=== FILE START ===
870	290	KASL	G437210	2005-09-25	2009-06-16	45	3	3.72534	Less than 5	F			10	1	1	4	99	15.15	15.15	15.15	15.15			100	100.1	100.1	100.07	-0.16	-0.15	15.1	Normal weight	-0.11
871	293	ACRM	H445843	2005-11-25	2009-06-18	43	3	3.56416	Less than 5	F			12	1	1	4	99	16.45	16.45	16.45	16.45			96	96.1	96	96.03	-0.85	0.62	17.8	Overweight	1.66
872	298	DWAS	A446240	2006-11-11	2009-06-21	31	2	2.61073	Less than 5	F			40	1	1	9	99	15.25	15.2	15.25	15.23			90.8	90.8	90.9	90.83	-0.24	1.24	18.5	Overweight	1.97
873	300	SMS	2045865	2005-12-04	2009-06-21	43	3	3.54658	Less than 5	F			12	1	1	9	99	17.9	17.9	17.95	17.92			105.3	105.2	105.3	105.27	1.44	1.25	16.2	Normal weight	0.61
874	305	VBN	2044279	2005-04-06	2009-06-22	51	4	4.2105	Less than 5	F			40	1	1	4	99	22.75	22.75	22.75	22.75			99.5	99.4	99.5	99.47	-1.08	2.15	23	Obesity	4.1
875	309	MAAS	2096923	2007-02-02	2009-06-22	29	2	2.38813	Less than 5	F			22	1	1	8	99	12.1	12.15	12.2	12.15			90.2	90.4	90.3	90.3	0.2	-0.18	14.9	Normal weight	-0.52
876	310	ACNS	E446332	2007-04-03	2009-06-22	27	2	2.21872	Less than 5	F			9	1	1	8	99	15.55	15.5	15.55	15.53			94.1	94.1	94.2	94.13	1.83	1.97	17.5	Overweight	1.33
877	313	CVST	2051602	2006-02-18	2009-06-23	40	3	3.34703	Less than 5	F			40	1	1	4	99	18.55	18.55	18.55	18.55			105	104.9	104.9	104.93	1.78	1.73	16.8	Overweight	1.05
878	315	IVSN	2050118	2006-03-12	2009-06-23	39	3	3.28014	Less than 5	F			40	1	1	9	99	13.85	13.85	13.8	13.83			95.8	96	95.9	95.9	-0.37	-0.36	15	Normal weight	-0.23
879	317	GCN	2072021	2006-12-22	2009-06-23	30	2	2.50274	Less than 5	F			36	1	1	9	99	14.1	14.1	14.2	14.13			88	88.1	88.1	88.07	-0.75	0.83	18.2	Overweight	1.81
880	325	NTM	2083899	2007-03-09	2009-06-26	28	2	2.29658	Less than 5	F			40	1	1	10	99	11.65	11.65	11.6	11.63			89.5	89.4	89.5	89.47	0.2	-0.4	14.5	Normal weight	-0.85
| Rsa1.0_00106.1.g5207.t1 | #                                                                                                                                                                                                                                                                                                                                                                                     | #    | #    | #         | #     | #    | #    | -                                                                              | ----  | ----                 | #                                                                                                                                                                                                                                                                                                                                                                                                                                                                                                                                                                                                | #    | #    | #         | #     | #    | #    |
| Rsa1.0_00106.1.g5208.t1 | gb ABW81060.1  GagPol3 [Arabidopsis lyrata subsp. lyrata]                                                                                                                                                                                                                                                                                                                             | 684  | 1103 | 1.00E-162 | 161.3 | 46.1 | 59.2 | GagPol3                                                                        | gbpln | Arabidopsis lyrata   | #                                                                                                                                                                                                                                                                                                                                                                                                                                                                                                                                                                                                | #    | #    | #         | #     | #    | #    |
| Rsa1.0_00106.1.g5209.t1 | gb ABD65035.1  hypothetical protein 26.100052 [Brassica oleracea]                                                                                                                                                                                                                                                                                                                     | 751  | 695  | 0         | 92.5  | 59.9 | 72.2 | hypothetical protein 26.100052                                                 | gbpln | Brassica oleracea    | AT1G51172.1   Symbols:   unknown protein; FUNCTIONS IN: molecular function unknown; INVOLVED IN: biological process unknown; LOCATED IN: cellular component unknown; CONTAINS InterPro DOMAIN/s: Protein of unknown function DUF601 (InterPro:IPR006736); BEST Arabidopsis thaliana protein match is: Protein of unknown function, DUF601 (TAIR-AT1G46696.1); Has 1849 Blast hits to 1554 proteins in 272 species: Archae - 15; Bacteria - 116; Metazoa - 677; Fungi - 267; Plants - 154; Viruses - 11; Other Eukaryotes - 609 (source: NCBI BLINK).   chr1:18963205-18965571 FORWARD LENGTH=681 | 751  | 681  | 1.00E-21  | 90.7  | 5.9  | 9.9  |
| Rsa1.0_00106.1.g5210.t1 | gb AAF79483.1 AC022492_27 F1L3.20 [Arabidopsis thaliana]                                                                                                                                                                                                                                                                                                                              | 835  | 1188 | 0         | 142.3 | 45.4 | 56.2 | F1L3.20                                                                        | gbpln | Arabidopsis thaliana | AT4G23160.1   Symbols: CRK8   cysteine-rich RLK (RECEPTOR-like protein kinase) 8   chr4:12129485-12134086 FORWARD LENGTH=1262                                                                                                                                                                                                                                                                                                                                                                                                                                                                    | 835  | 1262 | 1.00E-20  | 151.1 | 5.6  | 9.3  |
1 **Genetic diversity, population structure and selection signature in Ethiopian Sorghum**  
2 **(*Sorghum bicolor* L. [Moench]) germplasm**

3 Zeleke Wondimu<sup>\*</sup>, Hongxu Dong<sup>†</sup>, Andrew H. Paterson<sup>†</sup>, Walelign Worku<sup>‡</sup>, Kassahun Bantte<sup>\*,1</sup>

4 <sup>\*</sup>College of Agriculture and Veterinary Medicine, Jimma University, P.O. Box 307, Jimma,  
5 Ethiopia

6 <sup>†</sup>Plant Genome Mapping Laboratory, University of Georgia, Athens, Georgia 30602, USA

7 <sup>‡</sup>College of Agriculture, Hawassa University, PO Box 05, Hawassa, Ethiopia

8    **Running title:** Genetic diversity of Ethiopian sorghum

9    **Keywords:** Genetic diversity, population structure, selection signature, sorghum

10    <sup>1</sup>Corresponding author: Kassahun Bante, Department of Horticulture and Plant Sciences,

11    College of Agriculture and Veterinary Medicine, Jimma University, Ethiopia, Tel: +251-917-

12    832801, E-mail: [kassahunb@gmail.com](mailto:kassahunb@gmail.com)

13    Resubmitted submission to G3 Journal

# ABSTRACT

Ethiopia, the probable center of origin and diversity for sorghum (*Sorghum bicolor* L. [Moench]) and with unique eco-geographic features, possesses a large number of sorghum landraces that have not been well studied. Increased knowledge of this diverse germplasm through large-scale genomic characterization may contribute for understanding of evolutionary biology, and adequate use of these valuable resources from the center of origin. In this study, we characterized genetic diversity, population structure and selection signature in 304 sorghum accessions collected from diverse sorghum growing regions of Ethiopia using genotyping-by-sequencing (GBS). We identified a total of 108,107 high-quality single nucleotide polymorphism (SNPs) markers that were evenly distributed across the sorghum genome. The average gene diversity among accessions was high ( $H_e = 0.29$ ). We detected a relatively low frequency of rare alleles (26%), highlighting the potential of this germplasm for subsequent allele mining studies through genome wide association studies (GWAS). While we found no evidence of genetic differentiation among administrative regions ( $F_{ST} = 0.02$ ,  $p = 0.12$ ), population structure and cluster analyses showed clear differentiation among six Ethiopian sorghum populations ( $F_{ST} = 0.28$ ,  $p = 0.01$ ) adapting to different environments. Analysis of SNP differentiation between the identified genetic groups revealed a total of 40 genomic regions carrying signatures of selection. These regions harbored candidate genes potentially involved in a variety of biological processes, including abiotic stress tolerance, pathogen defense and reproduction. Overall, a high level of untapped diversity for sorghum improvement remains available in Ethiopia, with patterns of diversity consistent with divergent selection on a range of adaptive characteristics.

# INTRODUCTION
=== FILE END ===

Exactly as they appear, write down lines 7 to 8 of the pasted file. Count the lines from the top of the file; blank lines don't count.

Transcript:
876	310	ACNS	E446332	2007-04-03	2009-06-22	27	2	2.21872	Less than 5	F			9	1	1	8	99	15.55	15.5	15.55	15.53			94.1	94.1	94.2	94.13	1.83	1.97	17.5	Overweight	1.33
877	313	CVST	2051602	2006-02-18	2009-06-23	40	3	3.34703	Less than 5	F			40	1	1	4	99	18.55	18.55	18.55	18.55			105	104.9	104.9	104.93	1.78	1.73	16.8	Overweight	1.05